Monday, April 8, 2013

Missing the Dead

"... all mankind is of one author, and is one volume; when one man dies, one chapter is not torn out of the book, but translated into a better language; and every chapter must be so translated; God employs several translators; some pieces are translated by age, some by sickness, some by war, some by justice; but God's hand is in every translation, and his hand shall bind up all our scattered leaves again, for that library where every book shall lie open to one another" -- John Donne, 'Meditation XVII', Devotions Upon Emergent Occasions.
So says Donne. Yet, sometimes, it is hard not to feel that the death of a great man or woman is a tearing out of a page in a book. The death of Roger Ebert and yes, Margaret Thatcher, reinforced this for me, but not as much as reading a collection of the letters of J. R. R. Tolkien. I have to admit that I half-expected his letters to be slightly embarrassing, a bit like encountering the unreconstructed opinions of the elderly. (And I was also ready to forgive him for them, out of the love I have for his fiction.) But in fact, the letters speak to me, and move me greatly, with their intensely felt warmth (towards his children and friends) and in their painstakingly well-constructed and well-thought out opinions. I should have expected this, of course. I found myself longing for a time when people wrote considered letters to each other, and also for a time of conviction, not hasty, cowardly judgements: Tolkien comes across as resolute in his opinions, calm and yet struggling with matters entirely human. To just give a taste of how surprising his opinions can be, however, let me excerpt a letter he wrote to his son, Christopher, on 29 November 1943:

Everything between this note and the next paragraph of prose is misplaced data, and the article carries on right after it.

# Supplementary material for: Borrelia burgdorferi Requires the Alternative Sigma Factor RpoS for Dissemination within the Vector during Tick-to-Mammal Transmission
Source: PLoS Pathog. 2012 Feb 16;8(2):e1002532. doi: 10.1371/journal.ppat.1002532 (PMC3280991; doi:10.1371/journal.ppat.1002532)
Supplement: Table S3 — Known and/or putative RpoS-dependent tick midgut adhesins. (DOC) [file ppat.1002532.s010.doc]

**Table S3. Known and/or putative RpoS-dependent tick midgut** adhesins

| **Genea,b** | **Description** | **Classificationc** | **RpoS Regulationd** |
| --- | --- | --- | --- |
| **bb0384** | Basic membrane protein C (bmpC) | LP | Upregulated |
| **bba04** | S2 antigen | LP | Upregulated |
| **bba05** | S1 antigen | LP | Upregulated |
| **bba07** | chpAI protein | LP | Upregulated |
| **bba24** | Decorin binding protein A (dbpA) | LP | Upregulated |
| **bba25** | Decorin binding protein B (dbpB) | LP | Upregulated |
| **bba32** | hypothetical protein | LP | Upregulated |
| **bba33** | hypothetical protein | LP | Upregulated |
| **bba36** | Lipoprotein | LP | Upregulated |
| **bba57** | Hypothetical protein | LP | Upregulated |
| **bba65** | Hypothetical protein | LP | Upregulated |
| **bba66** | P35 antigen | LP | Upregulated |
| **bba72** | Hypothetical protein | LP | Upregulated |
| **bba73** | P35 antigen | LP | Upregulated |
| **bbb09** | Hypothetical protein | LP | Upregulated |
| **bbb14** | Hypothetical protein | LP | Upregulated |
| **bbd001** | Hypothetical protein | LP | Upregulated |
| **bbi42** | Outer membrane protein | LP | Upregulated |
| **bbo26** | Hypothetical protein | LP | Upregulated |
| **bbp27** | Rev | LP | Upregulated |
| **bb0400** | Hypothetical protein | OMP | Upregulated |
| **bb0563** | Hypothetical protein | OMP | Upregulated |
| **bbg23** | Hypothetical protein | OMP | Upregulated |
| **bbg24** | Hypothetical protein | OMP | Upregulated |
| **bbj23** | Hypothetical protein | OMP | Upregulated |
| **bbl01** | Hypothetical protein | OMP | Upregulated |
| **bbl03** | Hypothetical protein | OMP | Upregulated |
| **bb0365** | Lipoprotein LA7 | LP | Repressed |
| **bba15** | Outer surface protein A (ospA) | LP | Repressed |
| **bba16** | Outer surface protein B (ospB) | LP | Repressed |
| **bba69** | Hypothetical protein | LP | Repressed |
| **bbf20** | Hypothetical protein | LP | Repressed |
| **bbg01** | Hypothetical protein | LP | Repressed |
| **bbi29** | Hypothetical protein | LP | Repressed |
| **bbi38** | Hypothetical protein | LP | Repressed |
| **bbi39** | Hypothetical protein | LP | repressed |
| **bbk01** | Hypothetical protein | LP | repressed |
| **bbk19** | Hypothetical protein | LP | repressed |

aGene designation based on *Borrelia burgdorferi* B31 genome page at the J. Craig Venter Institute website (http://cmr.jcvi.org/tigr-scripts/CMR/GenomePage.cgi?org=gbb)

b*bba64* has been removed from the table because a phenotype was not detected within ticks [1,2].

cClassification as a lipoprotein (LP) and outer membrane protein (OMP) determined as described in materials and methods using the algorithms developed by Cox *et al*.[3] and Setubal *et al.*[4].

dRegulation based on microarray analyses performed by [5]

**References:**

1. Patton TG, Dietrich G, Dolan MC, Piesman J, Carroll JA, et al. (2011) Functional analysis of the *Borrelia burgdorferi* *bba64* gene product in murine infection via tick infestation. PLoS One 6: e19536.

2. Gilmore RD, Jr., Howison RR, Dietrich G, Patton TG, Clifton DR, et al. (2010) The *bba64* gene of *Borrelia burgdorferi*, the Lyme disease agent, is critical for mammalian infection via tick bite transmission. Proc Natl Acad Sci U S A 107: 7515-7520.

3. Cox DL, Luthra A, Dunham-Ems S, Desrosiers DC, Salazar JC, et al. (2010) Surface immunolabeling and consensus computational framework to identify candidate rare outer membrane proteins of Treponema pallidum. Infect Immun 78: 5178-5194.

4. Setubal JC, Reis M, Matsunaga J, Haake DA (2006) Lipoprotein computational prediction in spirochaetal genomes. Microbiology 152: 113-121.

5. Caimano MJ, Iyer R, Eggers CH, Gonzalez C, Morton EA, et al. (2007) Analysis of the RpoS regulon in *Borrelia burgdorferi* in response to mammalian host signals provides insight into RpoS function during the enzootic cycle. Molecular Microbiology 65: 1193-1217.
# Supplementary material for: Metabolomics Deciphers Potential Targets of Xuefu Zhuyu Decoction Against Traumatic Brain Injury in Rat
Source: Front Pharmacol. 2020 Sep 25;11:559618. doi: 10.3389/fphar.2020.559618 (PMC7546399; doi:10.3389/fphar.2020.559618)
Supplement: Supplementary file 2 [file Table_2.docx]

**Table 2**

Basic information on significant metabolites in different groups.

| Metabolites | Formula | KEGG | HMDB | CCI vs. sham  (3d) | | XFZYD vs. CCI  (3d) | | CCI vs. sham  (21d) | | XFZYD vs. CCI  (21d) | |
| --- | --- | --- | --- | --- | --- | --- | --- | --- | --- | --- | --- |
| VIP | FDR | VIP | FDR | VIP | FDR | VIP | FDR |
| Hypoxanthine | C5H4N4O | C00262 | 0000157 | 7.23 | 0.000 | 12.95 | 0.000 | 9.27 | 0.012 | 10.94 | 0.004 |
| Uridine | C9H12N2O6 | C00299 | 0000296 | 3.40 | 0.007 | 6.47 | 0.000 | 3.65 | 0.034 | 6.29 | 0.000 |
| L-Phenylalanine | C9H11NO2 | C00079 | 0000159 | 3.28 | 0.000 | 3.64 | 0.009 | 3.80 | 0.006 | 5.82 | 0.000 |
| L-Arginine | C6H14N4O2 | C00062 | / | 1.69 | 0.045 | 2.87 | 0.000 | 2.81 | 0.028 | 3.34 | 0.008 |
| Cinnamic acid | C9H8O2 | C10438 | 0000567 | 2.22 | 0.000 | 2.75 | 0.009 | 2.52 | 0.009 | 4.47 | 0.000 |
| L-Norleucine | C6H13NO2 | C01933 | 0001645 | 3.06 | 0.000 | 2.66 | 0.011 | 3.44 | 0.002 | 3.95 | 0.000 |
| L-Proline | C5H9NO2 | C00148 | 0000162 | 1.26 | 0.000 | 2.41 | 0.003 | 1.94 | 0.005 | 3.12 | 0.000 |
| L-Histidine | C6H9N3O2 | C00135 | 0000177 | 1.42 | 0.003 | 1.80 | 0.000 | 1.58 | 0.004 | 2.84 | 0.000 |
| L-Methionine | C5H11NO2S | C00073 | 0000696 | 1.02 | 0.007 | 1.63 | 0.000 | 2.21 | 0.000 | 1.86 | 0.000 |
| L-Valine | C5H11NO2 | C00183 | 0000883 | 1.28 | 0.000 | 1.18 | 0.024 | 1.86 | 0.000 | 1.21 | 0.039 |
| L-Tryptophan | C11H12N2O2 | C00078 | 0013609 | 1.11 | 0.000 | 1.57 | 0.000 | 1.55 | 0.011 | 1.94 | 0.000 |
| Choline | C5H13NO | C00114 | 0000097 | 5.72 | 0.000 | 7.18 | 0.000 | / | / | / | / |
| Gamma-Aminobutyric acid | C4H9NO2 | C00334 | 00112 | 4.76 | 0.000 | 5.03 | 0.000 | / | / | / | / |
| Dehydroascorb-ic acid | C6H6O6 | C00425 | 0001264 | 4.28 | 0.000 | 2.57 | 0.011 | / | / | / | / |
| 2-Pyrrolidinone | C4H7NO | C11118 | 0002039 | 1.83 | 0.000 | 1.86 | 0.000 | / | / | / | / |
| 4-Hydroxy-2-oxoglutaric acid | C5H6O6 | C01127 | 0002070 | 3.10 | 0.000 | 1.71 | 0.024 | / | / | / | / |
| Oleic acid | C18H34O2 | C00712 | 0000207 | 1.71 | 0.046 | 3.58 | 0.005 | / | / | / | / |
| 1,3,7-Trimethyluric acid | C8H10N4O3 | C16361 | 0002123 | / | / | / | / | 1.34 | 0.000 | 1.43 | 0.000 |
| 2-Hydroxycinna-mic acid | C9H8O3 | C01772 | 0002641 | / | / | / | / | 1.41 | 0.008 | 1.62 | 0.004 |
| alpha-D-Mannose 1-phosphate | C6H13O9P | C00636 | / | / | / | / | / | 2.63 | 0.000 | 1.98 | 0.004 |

My political opinions lean more and more to Anarchy (philosophically understood, meaning abolition of control not whiskered men with bombs) – or to 'unconstitutional' Monarchy. I would arrest anybody who uses the word State (in any sense other than the inanimate realm of England and its inhabitants, a thing that has neither power, rights nor mind); and after a chance of recantation, execute them if they remained obstinate! If we could get back to personal names, it would do a lot of good. Government is an abstract noun meaning the art and process of governing and it should be an offence to write it with a capital G or so as to refer to people. If people were in the habit of referring to 'King George's council, Winston and his gang', it would go a long way to clearing thought, and reducing the frightful landslide into Theyocracy. 
Another surprising glimpse is of Tolkien as a young, career-minded don in Oxford: something which must have been a part of his life, but not really how one imagines Tolkien. There are also, for the Oxonian, lovely spine-tingling moments when he speaks of Oxford and its places -- which reassures me that one can still commune with the dead. This letter, again to this son Christopher, dated 30 Jan 1945, happily combines both, with a dose of comradeship with C. S. Lewis. Also proves that college administration never improves, through the ages: